Generally on our RC sized Gas engines there will be no engineered taper. The cylinders are too small and the power outputs are too low to require it. Even on the best quality engines, the amount of taper would be very small even if it was intentionally added.

So the bores should not only be parallel but they should also be round. Very few (by numbers sold) actually are

This is because the majority of the engines that are bought nowadays have a very basic manufacturing technique used. Teh cylinders are molded on a mandrel, chemically cleaned, flame plated with Chrome then the final surface finish is achieved with a basic hone unit.

That technique results in bores that are neither parallel nor round. They are however cheap to produce that way and they will allow the engine to run. What they do not allow is good ring sealing so power is lost.

Roundness is difficult to measure due to the open port designs commonly used (another source of power loss).

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Old 02-07-2012, 09:30 PM
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Default RE: New (to me) internet myth

Thanks, Ssteve, beat me to it, my computer is screwed up again tonight.
Hign quality ABC glow engines are tapered at the top, a new one can't be easily rotated...
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Old 02-07-2012, 09:36 PM
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Thanks, I didn't think our small engines would exhibit much if any taper but thought I would ask.
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Old 02-07-2012, 09:51 PM
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ORIGINAL: Antique

Thanks, Ssteve, beat me to it, my computer is screwed up again tonight.
Hign quality ABC glow engines are tapered at the top, a new one can't be easily rotated...
Yes, regarding taper in the ABC glo engines. I watched years of development and tried every trick I could find during many years of pylon racing. From the early no taper ST designs to some of the highly tapered F-1 ST customs such as Terry Prather put out, etc. For a local Q500 class that required reasonably stock engines, I once crudely honed as much taper into an existing almost straight walled ST cylinder as I could removing all of the chrome from the bottom 1/3 of the bore. Left the pinch area untouched as piston fit was excellent there. Also relieved the bottom 2/3 or so of the piston skirt. Worked great and won many trophies with that engine. I still have it in my collection and it would run as good today as it did back then. Modern ARF buyers and overnight wonders wouldn't understand trying these sorts of things though. But then, you did what you had to do to be competitive. Sorry, not gasser related but I thought it interesting.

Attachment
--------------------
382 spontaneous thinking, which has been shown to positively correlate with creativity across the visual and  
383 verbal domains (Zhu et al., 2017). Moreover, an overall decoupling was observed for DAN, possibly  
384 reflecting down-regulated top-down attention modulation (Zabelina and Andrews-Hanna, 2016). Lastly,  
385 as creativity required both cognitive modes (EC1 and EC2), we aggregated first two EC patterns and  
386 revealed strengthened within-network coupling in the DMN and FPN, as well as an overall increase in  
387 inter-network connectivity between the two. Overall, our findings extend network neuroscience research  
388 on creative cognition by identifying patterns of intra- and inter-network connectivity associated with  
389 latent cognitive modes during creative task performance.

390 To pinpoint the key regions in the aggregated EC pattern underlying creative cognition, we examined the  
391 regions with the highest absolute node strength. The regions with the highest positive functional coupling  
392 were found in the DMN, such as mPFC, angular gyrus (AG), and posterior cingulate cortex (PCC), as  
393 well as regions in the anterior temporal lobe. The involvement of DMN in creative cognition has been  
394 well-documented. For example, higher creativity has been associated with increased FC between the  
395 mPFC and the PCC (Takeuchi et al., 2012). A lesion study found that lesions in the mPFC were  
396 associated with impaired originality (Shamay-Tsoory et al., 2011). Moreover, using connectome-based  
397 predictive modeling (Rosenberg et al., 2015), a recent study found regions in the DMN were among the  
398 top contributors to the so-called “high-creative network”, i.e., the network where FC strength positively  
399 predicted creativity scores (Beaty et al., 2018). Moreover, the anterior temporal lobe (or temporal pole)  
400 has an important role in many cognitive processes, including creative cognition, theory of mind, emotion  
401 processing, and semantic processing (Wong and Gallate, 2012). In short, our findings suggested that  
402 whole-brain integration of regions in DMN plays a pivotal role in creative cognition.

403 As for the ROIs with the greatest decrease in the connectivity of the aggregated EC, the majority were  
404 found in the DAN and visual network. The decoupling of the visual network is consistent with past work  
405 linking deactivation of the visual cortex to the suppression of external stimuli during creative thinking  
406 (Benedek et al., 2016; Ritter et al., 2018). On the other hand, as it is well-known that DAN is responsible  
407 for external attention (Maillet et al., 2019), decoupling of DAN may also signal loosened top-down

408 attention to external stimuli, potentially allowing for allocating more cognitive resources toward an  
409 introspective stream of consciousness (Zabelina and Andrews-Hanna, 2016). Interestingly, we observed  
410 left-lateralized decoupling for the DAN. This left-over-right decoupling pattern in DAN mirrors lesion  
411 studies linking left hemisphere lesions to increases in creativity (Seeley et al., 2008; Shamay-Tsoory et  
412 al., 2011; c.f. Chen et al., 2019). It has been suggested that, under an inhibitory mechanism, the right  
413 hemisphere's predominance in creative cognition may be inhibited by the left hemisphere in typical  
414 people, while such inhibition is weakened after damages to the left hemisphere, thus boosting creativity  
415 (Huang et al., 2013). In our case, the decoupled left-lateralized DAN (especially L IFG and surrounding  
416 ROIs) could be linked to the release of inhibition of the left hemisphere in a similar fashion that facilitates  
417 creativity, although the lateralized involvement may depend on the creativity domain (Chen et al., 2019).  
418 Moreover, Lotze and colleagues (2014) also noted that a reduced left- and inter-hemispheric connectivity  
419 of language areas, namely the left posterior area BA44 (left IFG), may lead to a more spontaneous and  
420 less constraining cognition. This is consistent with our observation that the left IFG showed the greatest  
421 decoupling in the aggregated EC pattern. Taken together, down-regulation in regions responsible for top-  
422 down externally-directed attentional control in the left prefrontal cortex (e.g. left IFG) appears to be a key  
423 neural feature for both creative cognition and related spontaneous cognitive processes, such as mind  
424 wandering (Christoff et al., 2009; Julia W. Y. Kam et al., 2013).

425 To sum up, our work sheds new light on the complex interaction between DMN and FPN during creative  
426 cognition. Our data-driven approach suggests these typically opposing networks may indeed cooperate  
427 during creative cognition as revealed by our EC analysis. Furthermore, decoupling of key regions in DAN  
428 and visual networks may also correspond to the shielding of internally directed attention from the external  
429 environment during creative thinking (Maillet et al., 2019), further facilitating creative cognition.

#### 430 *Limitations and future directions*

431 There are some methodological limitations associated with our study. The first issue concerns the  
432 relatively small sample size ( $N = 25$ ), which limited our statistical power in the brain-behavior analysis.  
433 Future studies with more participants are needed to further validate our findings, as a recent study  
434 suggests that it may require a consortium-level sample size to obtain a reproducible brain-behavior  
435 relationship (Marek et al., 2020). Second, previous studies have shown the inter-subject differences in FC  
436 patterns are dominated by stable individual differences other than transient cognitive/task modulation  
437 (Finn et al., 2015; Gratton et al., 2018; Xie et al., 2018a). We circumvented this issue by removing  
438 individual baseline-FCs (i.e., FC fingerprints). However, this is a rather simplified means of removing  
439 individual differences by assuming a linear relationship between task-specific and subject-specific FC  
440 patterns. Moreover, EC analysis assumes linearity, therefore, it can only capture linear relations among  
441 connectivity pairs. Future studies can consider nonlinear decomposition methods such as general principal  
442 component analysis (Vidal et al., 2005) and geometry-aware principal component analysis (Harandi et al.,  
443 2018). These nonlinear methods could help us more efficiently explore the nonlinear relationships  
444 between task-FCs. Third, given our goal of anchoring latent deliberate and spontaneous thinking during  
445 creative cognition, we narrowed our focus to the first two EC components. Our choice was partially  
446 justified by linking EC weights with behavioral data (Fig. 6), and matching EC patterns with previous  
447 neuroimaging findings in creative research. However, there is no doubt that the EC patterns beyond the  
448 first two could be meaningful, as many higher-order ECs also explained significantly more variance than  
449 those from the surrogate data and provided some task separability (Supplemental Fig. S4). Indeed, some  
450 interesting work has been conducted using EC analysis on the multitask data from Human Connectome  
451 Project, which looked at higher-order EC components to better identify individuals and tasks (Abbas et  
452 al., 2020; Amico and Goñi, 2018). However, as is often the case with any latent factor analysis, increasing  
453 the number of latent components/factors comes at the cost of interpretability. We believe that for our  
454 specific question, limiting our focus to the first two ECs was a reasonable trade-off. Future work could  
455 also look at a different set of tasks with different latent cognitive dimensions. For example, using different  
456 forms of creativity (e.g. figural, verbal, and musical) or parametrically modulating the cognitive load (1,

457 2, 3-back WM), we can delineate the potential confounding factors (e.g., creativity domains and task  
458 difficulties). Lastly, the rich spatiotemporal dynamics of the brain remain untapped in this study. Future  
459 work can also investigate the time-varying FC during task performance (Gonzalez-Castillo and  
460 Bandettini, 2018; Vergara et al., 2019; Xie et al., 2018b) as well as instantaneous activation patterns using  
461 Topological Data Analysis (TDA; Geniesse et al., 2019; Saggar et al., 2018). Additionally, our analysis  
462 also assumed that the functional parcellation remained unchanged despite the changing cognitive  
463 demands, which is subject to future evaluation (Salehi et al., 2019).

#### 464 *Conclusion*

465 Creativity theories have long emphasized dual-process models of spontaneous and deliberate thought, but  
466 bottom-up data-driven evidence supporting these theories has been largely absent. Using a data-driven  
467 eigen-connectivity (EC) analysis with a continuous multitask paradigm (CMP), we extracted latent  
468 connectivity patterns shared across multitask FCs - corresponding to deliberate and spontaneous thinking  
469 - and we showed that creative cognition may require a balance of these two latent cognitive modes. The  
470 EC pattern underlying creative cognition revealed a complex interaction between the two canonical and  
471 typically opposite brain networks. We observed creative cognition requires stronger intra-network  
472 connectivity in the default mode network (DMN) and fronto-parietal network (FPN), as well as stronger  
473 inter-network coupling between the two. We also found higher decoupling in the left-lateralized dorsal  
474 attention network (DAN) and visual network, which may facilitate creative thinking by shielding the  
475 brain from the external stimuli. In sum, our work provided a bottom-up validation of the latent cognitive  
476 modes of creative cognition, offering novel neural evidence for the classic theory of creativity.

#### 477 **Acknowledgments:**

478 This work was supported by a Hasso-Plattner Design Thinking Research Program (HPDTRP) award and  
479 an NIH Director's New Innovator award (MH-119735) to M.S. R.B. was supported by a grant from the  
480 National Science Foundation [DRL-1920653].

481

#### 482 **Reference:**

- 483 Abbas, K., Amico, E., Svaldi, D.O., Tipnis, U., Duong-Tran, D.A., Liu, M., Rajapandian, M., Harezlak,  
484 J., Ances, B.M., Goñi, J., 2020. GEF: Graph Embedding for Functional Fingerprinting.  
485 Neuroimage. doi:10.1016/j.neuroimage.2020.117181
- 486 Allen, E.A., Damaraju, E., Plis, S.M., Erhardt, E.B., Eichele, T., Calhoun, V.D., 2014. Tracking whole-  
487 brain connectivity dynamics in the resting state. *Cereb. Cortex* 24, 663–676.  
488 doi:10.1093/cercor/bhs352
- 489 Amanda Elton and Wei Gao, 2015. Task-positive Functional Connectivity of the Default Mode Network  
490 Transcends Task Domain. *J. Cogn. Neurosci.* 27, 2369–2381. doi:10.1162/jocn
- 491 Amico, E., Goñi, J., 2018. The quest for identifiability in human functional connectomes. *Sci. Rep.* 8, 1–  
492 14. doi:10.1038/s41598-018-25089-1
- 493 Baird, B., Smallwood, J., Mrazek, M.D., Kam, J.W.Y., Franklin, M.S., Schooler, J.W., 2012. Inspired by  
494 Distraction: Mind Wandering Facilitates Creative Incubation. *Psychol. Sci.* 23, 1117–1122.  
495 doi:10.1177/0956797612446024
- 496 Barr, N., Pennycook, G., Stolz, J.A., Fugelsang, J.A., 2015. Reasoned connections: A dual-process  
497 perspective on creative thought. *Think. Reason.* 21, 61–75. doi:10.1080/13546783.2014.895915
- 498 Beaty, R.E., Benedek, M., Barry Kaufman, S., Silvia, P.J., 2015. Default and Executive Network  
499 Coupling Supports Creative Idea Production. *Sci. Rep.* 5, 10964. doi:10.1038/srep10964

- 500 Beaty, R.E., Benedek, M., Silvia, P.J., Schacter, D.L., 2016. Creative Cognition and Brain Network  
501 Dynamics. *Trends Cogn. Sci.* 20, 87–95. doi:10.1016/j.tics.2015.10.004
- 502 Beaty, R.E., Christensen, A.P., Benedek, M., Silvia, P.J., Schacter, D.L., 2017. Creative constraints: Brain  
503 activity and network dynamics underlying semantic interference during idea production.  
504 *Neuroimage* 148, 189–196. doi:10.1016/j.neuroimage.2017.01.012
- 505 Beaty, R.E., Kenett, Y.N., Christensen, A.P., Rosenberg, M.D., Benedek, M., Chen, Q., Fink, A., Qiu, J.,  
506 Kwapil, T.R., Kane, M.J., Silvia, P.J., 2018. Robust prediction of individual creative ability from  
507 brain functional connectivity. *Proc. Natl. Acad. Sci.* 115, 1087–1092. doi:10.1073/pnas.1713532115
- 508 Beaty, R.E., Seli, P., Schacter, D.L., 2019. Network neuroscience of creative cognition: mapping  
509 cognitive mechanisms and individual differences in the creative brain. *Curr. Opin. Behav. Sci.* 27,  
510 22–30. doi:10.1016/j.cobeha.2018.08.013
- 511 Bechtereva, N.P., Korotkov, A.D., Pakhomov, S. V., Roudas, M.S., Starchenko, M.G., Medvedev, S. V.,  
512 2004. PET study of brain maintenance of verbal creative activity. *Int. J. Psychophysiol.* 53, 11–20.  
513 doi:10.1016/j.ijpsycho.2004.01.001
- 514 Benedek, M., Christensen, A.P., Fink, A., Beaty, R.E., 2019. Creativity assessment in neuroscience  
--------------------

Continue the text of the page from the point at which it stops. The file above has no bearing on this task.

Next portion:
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Old 02-08-2012, 12:59 PM
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Default RE: New (to me) internet myth

What I fail to see explained here, Ralph scratched the surface of it, is the system behind the A,B,C.... markings.
To continue from where Aussiesteve left off:
Once in production, after all those many operations, the operator is satisfied with roundness and taper he stops working on the bore. The next station is a hydraulic measuring device that defines the true mean dimension of the bore at height specified in specs. Dependine on that dimension, the cylinder is marked.
Same with piston dimensions. rather than working to the EXACT dimension, which is nearly impossible regarding tool wear and operator intervention, the piston when done is measured. According to measurement it is "classed" to match the class of the cylinder sizes.
There you have it in a nutshell. Minimal production costs, and accuracy that competes with multiple cost production systems.
BTW,
MVVS, my favorite manufacurer, does not use this system. Any Cylinder will fit ANY piston in their gas engines (costly, costly). They have to learn a bit still.
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Old 02-08-2012, 01:01 PM
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ORIGINAL: pe reivers

What I fail to see explained here, Ralph scratched the surface of it, is the system behind the A,B,C.... markings.
To continue from where Aussiesteve left off:
Once in production, after all those many operations, the operator is satisfied with roundness and taper he stops working on the bore. The next station is a hydraulic measuring device that defines the true mean dimension of the bore at height specified in specs. Dependine on that dimension, the cylinder is marked.
Same with piston dimensions. rather than working to the EXACT dimension, which is nearly impossible regarding tool wear and operator intervention, the piston when done is measured. According to measurement it is "classed" to match the class of the cylinder sizes.
There you have it in a nutshell. Minimal production costs, and accuracy that competes with multiple cost production systems.
BTW,